The Right Way to Promote Arab Reform

LEARNING HOW TO HELP

Since taking office four years ago, President George W. Bush has often spoken of the need for political reform in the Arab world. Ordinary Arabs, however, have had good reason to be skeptical of his much-discussed "forward strategy of freedom in the Middle East." After all, their region has been mired in political stasis for years, thanks in part to U.S. support for many of the Middle East's dictators. For most of the last five decades, Washington has done little to promote Arab democratization, relying instead on the autocratic leaders of Egypt, Saudi Arabia, and other countries to help protect vital U.S. interests in the neighborhood.

This skepticism, however, may no longer be warranted. On the morning of September 11, 2001, U.S. priorities in the Middle East changed. Suddenly, the Bush administration came to see democratization, which it had previously ranked below security and stability in its list of concerns for the Arab world, as the critical means by which to achieve these other goals. Indeed, the toppling of the World Trade Center and the attack on the Pentagon fundamentally shifted the underlying assumption of U.S. Middle East policy. Arab authoritarianism could no longer be viewed as a source of stability; instead, it was the primary threat to it. To "drain the swamp" that had incubated Islamist radicals such as Osama bin Laden, it became critical to promote political liberalization, even democratization, in the Middle East, and this goal became a central feature of U.S. national security policy.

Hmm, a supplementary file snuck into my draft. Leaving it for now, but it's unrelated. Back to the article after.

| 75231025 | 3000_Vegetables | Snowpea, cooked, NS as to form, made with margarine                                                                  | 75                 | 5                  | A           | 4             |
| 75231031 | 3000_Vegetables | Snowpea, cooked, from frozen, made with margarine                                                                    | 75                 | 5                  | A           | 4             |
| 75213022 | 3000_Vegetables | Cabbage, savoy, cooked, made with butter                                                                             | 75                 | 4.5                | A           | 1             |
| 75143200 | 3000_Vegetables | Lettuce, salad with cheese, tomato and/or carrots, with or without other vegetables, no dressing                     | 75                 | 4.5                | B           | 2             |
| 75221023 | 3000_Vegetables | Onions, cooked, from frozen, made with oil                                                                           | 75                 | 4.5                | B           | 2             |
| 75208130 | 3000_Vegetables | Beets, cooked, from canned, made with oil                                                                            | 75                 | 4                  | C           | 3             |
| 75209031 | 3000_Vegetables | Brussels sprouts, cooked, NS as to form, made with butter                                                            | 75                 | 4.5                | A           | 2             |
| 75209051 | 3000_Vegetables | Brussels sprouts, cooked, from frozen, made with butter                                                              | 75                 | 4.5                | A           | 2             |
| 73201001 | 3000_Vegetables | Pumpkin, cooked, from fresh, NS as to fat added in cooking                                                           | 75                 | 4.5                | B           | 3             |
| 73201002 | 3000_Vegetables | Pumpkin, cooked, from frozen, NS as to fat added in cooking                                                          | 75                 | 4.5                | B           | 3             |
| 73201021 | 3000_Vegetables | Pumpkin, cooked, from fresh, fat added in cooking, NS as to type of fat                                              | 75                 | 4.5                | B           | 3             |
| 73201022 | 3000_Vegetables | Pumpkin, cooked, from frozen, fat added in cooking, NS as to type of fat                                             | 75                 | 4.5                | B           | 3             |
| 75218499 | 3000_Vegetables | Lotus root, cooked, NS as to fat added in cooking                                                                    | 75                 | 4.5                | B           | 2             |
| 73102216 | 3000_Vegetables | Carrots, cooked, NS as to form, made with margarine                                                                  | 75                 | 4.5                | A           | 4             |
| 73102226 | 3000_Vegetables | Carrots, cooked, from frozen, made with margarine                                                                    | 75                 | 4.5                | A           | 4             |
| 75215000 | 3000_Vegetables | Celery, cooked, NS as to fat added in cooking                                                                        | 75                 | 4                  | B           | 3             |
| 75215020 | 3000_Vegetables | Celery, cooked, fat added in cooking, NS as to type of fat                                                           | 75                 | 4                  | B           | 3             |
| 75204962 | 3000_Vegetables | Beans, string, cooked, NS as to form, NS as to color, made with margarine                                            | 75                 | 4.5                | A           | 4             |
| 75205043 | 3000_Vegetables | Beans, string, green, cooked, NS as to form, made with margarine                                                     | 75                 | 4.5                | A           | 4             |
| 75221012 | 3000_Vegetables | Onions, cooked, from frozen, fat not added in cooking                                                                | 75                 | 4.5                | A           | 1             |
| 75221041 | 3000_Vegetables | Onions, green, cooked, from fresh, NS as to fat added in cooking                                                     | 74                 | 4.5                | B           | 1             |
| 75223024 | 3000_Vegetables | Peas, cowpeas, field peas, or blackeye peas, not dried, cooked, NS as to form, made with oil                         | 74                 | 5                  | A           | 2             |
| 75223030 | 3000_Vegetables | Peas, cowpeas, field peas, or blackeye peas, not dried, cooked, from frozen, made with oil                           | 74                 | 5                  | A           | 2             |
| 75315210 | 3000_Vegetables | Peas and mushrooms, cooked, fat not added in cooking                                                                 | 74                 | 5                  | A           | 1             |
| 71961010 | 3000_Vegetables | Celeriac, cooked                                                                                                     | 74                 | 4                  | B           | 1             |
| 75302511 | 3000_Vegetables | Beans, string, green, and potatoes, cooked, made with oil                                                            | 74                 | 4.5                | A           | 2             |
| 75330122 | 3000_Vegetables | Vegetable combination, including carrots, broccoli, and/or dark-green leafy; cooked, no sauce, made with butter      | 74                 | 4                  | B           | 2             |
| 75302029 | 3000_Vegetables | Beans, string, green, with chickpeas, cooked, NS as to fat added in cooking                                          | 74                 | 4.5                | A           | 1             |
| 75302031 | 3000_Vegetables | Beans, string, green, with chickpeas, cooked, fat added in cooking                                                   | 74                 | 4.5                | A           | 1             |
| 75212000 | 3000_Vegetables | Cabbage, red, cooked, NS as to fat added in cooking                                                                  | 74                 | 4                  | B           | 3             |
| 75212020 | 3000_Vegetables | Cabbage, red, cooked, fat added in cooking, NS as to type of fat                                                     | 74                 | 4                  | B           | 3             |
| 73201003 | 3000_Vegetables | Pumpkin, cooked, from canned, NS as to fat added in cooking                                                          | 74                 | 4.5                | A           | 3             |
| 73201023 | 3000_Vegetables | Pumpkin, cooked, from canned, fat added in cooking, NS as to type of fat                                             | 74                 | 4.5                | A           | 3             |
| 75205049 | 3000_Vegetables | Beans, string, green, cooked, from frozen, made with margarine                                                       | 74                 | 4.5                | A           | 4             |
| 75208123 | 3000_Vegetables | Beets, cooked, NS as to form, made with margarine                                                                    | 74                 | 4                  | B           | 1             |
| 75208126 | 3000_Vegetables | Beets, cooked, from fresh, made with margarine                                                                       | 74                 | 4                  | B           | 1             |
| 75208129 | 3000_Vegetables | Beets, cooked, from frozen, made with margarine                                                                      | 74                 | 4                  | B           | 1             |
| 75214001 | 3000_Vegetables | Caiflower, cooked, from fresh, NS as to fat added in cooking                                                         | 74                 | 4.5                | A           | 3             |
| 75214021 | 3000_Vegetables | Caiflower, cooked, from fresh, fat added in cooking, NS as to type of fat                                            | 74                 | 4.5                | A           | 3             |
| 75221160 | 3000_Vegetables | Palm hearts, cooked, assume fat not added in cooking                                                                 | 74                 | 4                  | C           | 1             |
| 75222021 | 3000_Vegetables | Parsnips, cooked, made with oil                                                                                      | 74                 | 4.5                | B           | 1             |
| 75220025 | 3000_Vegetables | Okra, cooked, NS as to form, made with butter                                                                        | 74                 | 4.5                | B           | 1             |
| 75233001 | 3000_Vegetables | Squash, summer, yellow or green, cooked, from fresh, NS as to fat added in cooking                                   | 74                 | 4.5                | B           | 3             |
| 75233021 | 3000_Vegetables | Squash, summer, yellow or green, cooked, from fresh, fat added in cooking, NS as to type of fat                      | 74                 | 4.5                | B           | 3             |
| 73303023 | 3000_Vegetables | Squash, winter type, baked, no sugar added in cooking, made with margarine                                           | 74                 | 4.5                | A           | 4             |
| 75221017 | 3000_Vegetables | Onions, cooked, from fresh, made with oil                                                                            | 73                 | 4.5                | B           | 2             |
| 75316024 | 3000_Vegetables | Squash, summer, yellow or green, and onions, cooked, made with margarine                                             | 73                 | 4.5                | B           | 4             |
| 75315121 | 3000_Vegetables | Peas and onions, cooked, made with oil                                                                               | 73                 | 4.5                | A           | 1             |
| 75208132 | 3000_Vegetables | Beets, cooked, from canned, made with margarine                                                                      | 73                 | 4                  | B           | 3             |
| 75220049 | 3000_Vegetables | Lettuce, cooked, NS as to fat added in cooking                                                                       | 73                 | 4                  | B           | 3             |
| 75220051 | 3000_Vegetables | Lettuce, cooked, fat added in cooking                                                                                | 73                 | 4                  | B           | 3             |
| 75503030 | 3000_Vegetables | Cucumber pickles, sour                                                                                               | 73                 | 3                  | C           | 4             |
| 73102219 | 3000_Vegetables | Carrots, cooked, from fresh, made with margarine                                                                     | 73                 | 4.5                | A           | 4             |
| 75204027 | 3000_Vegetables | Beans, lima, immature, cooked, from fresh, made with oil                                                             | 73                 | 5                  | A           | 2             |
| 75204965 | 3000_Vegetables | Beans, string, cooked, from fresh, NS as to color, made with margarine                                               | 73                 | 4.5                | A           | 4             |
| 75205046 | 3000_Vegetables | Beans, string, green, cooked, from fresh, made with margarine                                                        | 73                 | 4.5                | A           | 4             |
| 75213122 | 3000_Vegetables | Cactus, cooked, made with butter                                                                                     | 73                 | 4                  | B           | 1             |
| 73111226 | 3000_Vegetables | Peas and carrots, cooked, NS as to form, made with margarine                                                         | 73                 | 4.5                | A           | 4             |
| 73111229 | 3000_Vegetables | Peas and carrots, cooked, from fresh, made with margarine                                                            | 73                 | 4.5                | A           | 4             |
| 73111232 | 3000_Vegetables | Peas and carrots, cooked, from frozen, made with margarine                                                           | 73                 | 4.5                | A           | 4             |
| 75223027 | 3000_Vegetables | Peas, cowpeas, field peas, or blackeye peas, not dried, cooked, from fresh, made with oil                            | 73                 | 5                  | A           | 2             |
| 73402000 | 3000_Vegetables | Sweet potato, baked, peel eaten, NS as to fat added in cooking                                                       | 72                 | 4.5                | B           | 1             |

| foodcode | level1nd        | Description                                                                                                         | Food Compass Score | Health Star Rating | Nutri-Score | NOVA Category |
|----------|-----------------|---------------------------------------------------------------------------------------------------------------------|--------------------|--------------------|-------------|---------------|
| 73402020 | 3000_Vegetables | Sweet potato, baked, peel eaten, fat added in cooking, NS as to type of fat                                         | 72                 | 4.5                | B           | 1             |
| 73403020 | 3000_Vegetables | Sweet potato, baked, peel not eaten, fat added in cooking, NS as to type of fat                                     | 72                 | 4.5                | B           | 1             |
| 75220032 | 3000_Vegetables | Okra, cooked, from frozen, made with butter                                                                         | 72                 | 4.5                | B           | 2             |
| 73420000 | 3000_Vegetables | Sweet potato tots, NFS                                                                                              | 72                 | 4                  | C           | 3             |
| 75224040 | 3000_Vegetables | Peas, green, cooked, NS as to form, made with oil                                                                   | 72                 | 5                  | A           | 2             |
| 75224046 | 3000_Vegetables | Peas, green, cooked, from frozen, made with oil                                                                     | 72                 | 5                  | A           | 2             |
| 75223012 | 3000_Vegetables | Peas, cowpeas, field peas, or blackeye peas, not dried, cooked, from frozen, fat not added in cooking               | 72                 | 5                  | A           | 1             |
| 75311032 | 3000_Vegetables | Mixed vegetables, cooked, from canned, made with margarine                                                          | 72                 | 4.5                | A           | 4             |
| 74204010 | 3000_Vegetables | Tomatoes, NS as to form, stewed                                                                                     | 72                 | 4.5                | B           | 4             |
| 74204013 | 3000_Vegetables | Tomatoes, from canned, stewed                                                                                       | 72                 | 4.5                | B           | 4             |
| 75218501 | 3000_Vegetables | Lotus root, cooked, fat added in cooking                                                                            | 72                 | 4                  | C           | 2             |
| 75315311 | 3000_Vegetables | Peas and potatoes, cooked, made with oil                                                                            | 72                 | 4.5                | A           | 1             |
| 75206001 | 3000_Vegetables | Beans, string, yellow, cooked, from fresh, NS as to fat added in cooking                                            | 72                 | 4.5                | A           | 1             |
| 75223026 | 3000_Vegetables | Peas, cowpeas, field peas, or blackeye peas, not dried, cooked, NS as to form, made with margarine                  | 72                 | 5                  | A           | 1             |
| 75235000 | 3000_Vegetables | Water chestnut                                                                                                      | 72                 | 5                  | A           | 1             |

Even before this shift, Washington had already begun to try to promote reform in the Middle East--albeit quietly, and never with anything like Bush's rhetorical zeal or fixation on democracy. The United States had, in recent years, pursued three different approaches toward the Arab world: punishing its enemies with diplomatic isolation, sanctions, and invasion; bolstering civil society; and promoting economic development in friendly states. Assuming that these last two tactics would gently drive political liberalization, the United States funded good-governance programs in Egypt, promoted industrial zones in Jordan, and provided various forms of economic assistance to the Palestinian Authority and, more recently, Yemen.

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